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Confusing Messaging is Costing Your Climate Company
Here’s How to Fix it
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Today we feature a guest post by Alex, on a topic that resonates with so many people in climate: The lack of storytelling and good messaging in climate tech.
Alex is a climate-focused marketing leader, who spent the past 7+ years using storytelling to create some impressive results. If you care about marketing and climate, you should connect with him here.
Let’s dive in 🌊
Climate tech has a marketing problem.
Around the world, people are coming together to engage in the fight against climate change, launching countless startups with innovative solutions and cutting-edge tech…
…At the same time, many of them are severely struggling to communicate what they actually do.
From solar to ag tech, electrification to finance, climate organizations are as clear as mud when telling their story and communicating company value.
I’m a marketer with 7+ years of experience helping companies clarify their brand and product messaging. Over the past several months, I’ve visited hundreds of climate tech websites and spent five to ten minutes browsing around trying to learn more about them. Nine times out of ten, I literally could not articulate what they do.
This is a problem, and it’s costing otherwise excellent companies potential customers, investors, press, and employees.
Example 1: Octopus Energy
Let’s take a look at the header section of Octopus Energy’s homepage:
While they do a nice job with a clear call to action, I have no idea what I’d be getting a quote for. The header text doesn’t really tell me anything, and while the awards are impressive, all they communicate is that Octopus Energy is good at…supplying energy?
My main rule for website messaging is that unless you’re an established global brand like Nike, Apple, or McDonalds, you need to assume that every visitor who comes to your site knows absolutely nothing about your company. It’s your job to clearly explain what you do within the first five to ten seconds of the homepage loading.
Example 2: Aurora Solar
We can also take a look at the hero section of Aurora Solar’s website. Instead of having one clear message about their product offering, they have a carousel with six slides and six offerings. The slides automatically scroll every five seconds, ensuring that nobody will have enough time to read and take action on any of them.
To be clear, I’m a fan of both Aurora Solar and Octopus Energy, but it’s only because I’ve put forth the effort to research them and understand the value they bring to the table. Most potential customers, investors, and employees aren’t going to do that.
The “if we build it they will come” mindset doesn’t work. If people can’t quickly understand what you do, you’ll be passed over in favor of better communicators. People don’t buy the best products – they buy the products they can understand the fastest.
Climate tech and sustainability initiatives need to rapidly scale, both in marketplace adoption and size of the workforce. Better messaging can be the secret sauce to help make that happen.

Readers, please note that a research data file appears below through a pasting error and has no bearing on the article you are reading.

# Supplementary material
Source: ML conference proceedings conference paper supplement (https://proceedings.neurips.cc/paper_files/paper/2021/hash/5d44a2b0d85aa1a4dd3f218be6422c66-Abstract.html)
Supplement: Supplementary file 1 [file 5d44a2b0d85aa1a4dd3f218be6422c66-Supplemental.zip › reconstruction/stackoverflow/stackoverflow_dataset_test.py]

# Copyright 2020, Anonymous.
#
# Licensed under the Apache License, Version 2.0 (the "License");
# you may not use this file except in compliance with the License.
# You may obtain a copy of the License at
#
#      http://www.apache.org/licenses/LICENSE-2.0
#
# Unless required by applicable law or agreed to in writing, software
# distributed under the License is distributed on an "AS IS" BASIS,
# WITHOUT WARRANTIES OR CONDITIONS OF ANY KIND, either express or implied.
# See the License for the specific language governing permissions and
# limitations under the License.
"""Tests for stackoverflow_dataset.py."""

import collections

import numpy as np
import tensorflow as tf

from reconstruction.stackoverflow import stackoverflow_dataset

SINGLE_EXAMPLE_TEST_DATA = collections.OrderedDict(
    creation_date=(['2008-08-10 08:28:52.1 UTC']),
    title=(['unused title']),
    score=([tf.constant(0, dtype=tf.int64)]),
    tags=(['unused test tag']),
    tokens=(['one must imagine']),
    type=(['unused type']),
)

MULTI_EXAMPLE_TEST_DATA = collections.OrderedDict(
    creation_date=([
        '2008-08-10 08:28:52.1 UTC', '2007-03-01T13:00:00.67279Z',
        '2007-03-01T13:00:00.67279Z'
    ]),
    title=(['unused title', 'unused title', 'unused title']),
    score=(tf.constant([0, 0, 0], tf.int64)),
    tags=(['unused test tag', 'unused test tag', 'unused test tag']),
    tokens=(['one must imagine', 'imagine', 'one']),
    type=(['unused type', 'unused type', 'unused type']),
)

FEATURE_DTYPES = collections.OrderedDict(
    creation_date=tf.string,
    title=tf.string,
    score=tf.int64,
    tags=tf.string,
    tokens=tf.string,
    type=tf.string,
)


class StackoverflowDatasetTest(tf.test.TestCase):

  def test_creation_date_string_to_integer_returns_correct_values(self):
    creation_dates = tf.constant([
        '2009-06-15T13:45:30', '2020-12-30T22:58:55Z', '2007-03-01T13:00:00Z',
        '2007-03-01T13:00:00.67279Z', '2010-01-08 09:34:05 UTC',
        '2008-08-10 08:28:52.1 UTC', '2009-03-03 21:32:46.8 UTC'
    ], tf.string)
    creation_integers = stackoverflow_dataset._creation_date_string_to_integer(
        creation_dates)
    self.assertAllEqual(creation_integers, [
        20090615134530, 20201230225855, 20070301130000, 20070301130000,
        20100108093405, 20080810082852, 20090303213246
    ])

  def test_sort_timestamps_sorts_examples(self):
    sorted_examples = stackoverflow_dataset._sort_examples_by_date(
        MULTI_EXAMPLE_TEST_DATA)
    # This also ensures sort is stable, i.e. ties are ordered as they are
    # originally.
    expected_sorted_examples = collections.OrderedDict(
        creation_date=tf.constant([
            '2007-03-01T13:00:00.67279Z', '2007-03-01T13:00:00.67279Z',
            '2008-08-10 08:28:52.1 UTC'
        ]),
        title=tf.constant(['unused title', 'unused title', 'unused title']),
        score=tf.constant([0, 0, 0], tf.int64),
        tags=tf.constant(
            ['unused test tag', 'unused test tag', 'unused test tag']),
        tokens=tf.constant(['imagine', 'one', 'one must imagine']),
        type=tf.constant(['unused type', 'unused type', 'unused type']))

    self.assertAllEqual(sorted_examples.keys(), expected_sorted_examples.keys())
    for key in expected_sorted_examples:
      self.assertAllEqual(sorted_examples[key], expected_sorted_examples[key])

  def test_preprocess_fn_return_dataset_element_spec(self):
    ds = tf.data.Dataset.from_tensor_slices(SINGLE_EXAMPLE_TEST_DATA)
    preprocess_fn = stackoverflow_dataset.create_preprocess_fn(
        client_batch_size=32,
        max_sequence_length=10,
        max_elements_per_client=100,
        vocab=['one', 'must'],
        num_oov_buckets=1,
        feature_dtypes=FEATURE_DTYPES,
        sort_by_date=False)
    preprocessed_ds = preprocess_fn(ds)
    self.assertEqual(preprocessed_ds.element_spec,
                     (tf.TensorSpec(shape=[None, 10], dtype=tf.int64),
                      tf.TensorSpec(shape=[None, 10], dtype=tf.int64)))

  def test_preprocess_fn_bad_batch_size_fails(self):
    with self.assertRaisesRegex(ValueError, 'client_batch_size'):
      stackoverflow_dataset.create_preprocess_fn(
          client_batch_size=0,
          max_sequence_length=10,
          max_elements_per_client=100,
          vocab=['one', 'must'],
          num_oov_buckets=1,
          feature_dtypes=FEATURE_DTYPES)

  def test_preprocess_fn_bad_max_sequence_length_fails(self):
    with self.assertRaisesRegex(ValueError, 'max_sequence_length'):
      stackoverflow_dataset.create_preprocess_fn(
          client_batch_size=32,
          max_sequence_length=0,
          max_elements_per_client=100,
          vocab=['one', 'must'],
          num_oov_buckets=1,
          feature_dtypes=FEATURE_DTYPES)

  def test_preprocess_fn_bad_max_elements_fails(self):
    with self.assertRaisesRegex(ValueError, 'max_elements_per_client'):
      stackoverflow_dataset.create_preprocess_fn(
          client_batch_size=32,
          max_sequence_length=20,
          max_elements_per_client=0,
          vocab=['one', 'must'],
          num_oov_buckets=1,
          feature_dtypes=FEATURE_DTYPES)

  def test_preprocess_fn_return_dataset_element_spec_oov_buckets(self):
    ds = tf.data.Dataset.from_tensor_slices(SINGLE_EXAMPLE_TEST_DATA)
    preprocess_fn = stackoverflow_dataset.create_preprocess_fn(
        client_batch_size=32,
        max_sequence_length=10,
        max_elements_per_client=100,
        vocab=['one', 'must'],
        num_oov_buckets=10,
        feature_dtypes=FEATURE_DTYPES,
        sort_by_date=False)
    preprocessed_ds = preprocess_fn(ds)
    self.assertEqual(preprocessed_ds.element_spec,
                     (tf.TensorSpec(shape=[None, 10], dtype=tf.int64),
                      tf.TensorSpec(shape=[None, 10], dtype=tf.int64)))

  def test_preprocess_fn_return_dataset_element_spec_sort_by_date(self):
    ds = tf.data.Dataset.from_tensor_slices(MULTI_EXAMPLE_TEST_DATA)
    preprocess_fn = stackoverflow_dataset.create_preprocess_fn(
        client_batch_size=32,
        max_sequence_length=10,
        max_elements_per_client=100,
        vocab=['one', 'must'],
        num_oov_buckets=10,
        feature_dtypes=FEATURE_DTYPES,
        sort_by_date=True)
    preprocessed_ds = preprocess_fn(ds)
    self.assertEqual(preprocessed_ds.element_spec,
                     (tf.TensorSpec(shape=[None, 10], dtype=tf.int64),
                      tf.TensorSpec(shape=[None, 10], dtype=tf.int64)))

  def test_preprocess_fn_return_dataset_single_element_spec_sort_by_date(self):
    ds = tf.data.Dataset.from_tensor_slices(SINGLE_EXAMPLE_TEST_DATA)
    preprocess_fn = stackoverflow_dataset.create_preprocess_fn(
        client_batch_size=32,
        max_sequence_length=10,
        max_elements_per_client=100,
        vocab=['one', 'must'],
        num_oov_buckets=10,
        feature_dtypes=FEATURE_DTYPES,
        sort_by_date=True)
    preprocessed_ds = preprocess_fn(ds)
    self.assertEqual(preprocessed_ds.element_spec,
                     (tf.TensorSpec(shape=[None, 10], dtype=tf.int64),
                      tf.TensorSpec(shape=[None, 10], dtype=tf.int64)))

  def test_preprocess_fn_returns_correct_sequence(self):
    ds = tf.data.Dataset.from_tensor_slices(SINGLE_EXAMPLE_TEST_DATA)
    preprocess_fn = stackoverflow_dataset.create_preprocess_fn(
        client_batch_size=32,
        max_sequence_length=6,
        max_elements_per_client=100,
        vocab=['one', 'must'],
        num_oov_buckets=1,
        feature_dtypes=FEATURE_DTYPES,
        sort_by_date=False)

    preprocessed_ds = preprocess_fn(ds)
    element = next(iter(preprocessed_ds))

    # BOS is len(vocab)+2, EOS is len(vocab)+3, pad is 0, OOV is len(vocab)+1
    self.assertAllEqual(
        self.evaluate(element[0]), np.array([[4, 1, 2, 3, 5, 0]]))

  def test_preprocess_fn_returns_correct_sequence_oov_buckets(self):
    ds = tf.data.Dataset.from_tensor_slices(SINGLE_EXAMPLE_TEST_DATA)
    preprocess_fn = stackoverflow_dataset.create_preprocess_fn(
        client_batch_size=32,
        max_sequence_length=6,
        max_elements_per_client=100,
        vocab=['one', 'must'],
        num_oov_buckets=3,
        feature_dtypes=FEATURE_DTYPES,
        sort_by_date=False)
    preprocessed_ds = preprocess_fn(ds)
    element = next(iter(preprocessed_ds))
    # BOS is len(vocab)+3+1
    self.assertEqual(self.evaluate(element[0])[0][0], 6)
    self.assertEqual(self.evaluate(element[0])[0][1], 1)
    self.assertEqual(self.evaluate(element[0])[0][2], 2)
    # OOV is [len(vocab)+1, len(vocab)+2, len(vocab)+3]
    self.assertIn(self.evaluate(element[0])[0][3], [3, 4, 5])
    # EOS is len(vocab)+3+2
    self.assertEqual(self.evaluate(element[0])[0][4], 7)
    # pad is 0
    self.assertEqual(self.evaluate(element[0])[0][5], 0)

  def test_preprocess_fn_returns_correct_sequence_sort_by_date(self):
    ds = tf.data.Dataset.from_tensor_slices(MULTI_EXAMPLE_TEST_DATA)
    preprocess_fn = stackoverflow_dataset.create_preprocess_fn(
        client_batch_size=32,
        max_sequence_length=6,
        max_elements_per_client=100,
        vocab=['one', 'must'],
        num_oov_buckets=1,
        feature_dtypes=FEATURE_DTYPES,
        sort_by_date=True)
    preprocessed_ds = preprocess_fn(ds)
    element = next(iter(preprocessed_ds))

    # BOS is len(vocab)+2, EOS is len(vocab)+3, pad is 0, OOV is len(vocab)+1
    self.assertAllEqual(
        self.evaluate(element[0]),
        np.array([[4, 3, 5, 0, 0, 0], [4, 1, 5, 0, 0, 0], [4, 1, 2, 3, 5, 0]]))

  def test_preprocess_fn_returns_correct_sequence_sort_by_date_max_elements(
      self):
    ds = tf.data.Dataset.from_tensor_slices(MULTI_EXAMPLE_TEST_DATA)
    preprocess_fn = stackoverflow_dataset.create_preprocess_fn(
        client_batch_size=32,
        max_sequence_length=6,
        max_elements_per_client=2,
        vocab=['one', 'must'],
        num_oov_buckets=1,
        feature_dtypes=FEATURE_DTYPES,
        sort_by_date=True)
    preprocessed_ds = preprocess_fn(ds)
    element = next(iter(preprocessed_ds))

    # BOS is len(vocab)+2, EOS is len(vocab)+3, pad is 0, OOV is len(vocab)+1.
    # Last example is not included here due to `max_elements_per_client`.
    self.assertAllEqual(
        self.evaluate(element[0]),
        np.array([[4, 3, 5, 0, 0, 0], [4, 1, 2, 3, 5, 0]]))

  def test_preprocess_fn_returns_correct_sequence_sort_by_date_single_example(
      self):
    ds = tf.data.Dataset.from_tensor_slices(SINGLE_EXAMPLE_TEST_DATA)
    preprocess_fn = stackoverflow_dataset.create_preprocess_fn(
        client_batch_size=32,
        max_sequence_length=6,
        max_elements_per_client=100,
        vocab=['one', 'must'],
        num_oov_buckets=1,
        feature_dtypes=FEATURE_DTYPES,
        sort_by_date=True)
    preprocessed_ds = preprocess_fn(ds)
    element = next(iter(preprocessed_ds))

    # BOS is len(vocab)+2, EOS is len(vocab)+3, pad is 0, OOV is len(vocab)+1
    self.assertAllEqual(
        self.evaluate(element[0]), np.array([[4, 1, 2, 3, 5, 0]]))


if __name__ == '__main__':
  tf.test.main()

How to Fix your Messaging
If you’re a founder or climate marketer reading this and thinking, “but what we do is complicated,” or, “we do several different things, so it’s hard to create a simple message,” I get it. It’s called the Curse of Knowledge, which occurs when you know so many details about your organization that it becomes difficult to imagine what it’s like not to know. I dealt with it for years as a startup cofounder.
But you need to dumb it down. Simplify and clarify your top-level messaging more than you think is necessary. You’ll always have room to get into the details later.
Here are 3 key questions your brand messaging should answer. They can help you get started rethinking your pitch decks, website copy, and more.
What exactly are you offering?
Who’s it for?
How will it benefit them?
Here’s What Octopus and Aurora Solar Should Put on Their Homepages
I spent a few minutes in Photoshop reworking the header areas of Octopus Energy and Aurora Solar’s websites using this principle.
Here’s what I came up with:
Octopus Energy uses new technology and customer-friendly policies to eliminate the choice between green energy and low prices. Now their header shows potential customers that they can have their cake and eat it, too.
Aurora Solar knows that the process of selling residential and commercial solar can be complex. That’s why their product synthesizes every phase of the operation into one software platform that makes it much easier for solar installers to close deals with potential customers.
Once you begin to articulate the value your company creates, people will be able to mentally categorize you as a potentially useful entity in their lives. This will make it much easier for them to take the next step with your organization, whether that’s scheduling a demo, signing up for your email list, or applying for a job.
are working on published Part 2 of this series: How to build out your company’s brand using a storytelling framework.
We’ll explore a straightforward method that you can use to place your organization or product into a customer’s story as a guide on their journey and a solution to their problem. Using this framework will set you up for success on your website, social media, employee engagement, and more.